Recoil or rejoice: Scientists discovered a new medicinal leech in North America.
The about three-inch-long species, Macrobdella mimicus, had lurked in freshwater bodies and natural history collections for decades—until scientists gave it a closer examination. They described the species for the first time Thursday in the Journal of Parasitology.
“It’s been here this whole time,” says Anna Phillips, research zoologist and curator of parasitic worms at the Smithsonian’s National Museum of Natural History in Washington, D.C.
Macrobdella mimicus lives in freshwater wetlands from Georgia to New York, its range flanked in the west by the Appalachian Mountains and the Atlantic Coast to the east. It occupies a sliver of the expansive range of another, widespread North American medicinal leech, Macrobdella decora, which has been reported from Southern Canada to the southern United States(and one population in Nuevo León, Mexico). In fact, it was M. decora’s vast distribution that inspired Phillips and colleagues to sleuth for any genetic variation within the worm’s multinational range.
“The idea that this is all the same leech seemed almost suspicious,” Phillips says.
In 2015, the international team of researchers collected a half-dozen orange-spotted, olive-green leeches from a swamp in eastern Maryland not far from the Smithsonian that’s known to be teeming with bloodsuckers. The group simply dipped nets or waded into waters and then checked their legs for attached leeches.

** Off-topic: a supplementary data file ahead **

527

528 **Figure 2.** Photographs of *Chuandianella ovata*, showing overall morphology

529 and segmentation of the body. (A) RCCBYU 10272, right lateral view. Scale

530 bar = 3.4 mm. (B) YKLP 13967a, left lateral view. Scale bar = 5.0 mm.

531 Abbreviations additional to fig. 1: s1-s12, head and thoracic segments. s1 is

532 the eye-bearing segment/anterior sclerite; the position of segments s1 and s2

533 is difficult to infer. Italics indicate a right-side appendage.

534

Genetic tests revealed the leeches’ DNA appeared to be significantly different from M. decora’s. Sebastian Kvist, an evolutionary biologists and associate curator of invertebrates at the Royal Ontario Museum also found surprising results when he sequenced more specimen genomes.
“It didn’t resemble any of the others” Kvist says. “When I saw the disparity in the DNA, I thought something must be wrong. I thought I’d made a mistake.”
He re-ran the tests and found, once more, that he was looking at a genetically distinct species. The research team also found a subtle, but visible, difference in the arrangement of multiple reproductive pores both species have along their undersides.
Armed with two independent tests—one anatomical and one genetic—the researchers examined about 150 specimens from marshes and museum collections from Georgia to North Carolina, South Carolina, Virginia, and Maryland.
Natural history museum collections proved to be a valuable source of evidence for Macrobdella mimicus‘ existence as a species, Phillips and Kvist both say. Most of their collections function as behind-the-scenes research libraries of biodiversity.
“They’re a snapshot of a diversity in a time and place,” Kvist says. Put together, “all these stills become a video where you can see the trajectory of evolution.”